This is not an anti-Beyonce manifesto. The aim of this project, however, is to unabashedly and unapologetically challenge the notion that “Queen Bey” is the alpha and omega of black female representation and embodiment.
In fact, I contend that contextualizing Beyonce as the ultimate, and in many cases the only legitimate representation of black womanhood, has made us vulnerable to “the danger of a single story” –to borrow the words of Nigerian writer Chimamanda Ngozi Adichie–and has rendered invisible other black women whose artistry and messaging are equally valid; and deserving of scholarly critique.
This interdisciplinary anthology aims to diversify the narrative by giving voice to a number of contemporary black female artists throughout the Diaspora who have, and continue to make their mark in popular culture in order to demonstrate a nuanced, inclusive yet critical lens of expressions of black womanhood, sexuality, spirituality, and empowerment.
By narrowing the definition of contemporary from 1990 – 2010 I realize many worthy performers will be excluded. Nonetheless, space limitations make such a decision necessary.
As the title indicates, this project is contextualized within a womanist framework, a term first coined by author Alice Walker in her 1981 collection of essays In Search of Our Mothers’ Gardens: Womanist Prose, a worldview which was further developed by Chikwenye Okonjo Ogunjemi, Clenora Hudson Weems, Layli Maparyan, and others.
Maparyan in her 2006 edited volume The Womanist Reader: The First Quarter Century of Womanist Thought expanded the definition of womanism contending that womanism is not a theory or ideology but rather a worldview which moves beyond notions of patriarchy/sexism to engage “social change perspectives” which take into account “everyday experiences and everyday methods of problem solving in everyday spaces, extended to the problem of ending all forms of oppression for all people, restoring the balance between people and the environment/nature, and reconciling human life with the spiritual dimension.”
Her 2011 volume The Womanist Idea further expanded and developed the womanist worldview underscored in this anthology.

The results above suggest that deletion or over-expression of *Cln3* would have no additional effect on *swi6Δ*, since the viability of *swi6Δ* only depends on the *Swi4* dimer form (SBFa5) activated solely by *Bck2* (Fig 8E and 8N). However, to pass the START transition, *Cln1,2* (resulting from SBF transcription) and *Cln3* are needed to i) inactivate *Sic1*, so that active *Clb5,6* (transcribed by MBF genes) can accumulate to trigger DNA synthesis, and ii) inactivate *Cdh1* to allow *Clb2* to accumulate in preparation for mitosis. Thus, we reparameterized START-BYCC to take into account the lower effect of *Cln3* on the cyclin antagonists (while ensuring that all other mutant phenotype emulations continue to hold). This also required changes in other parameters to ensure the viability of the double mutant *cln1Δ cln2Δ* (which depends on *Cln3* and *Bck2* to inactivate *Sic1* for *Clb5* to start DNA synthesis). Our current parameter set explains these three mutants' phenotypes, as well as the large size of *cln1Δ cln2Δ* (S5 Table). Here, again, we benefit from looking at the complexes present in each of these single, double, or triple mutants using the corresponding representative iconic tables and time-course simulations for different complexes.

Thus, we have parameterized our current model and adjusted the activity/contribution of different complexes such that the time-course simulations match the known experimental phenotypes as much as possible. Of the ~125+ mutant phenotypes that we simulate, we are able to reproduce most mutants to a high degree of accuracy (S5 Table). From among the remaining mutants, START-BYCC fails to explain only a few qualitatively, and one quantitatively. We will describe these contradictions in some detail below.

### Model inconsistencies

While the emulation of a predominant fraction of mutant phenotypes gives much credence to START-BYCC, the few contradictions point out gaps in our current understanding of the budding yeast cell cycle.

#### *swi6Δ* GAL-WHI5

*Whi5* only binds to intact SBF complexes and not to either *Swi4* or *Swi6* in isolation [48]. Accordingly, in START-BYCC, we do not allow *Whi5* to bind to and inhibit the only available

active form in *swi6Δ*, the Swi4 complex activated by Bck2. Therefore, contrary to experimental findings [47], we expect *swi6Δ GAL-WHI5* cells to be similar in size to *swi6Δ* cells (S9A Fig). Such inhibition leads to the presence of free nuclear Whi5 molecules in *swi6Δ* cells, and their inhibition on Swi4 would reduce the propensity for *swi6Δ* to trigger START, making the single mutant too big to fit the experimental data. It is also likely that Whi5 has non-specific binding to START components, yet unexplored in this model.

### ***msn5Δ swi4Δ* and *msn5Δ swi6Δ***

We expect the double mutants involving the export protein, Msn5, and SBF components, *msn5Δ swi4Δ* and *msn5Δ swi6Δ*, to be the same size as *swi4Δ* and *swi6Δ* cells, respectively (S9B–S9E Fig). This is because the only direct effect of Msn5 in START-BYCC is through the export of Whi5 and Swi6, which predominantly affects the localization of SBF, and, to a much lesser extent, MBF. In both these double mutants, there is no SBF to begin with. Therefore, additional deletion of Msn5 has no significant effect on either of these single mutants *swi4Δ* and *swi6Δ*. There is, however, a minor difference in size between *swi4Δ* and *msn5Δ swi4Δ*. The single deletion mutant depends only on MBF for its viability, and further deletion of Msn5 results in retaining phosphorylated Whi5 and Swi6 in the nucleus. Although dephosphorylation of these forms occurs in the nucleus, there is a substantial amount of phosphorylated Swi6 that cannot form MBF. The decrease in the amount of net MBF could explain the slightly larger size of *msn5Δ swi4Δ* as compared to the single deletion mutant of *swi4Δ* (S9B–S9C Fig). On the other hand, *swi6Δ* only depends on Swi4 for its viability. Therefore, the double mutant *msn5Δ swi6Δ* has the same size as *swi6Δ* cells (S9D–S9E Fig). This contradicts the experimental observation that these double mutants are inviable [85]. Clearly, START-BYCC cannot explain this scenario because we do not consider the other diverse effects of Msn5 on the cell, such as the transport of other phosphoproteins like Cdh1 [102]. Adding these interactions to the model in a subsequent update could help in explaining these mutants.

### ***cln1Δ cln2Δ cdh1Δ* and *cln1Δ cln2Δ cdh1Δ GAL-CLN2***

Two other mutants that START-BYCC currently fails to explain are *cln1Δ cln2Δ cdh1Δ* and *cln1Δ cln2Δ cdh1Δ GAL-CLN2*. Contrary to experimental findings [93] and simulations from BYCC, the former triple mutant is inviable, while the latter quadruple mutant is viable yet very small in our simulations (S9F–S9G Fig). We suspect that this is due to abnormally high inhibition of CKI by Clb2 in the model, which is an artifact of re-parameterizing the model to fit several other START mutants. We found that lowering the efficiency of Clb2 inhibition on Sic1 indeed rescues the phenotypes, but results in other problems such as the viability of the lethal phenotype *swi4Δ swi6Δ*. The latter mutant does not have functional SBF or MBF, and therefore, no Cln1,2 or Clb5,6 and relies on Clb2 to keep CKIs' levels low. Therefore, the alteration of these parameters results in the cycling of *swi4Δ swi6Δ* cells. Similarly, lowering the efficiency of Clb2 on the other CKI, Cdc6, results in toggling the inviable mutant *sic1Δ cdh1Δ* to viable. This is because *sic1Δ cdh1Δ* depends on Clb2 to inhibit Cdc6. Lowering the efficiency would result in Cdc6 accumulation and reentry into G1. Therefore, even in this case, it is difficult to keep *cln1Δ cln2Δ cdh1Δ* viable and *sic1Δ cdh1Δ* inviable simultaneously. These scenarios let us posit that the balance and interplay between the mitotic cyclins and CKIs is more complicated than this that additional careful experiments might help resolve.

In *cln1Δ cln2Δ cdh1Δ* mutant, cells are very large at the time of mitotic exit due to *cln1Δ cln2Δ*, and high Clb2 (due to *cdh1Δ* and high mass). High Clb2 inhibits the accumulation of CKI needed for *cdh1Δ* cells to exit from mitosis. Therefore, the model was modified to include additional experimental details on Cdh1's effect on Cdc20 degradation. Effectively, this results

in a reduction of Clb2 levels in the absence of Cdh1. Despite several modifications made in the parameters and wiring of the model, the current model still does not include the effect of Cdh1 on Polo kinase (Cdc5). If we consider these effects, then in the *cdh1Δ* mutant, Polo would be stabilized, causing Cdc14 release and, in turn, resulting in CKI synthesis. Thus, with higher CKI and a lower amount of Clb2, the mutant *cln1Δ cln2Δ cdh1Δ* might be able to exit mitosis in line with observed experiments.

While works engaging feminism, black feminism, and other intersectional feminist methodologies are welcomed, works grounded in a womanist worldview will be given priority.
The anthology will comprise critical essays on black solo, and duet female artists under music genres such as African, folk, hip hop, jazz, neo soul, R&B and rock and roll which celebrate and critically analyze the images and representations of black womanhood in popular culture over the past three decades.
Artists include Aliyah, India.Arie*, Erykah Badu, Tamar and Toni Braxton, Mariah Carey, Tracy Chapman, Rihanna Fenty, Rachelle Ferrell, Floetry, Goapele, Lalah Hathaway, Lauryn Hill, Janet Jackson, Alicia Keyes, Angelique Kidjo, Solange Knowles, Ledisi, Les Nubians, Nicki Minaj, Janelle Monae, Meshell Ndegeocello, Corinne Bailey Rae, Martha Redbone*, Toshi Reagon, Sade, Jill Scott, Angie Stone, Esperanza Spalding, Jazmine Sullivan, Lizz Wright, and Zap Mama.
Other artists who adhere to the designated timeline will be considered. Please be aware, however, that the singers listed above will be given top priority.
Because the aim of this project is to reach both a scholarly and general audience, I seek authors with scholarly expertise who can write clear English prose with a minimal use of academic jargon (this should be demonstrated in your abstract).
Those who are interested in contributing to this project must submit a 500 word abstract and a one page cv in one pdf document (abstract followed by cv) to email@example.com.
The deadline for abstract submissions is October 31, 2018, 11:59 PT; notifications will be sent via email by December 20, 2018. Essays (maximum of 30 double spaced pages including notes) will be due by August 1, 2019.
*Indicates chapter is already assigned.
Arica L. Coleman, Ph.D.
Independent Scholar, Time.com Contributor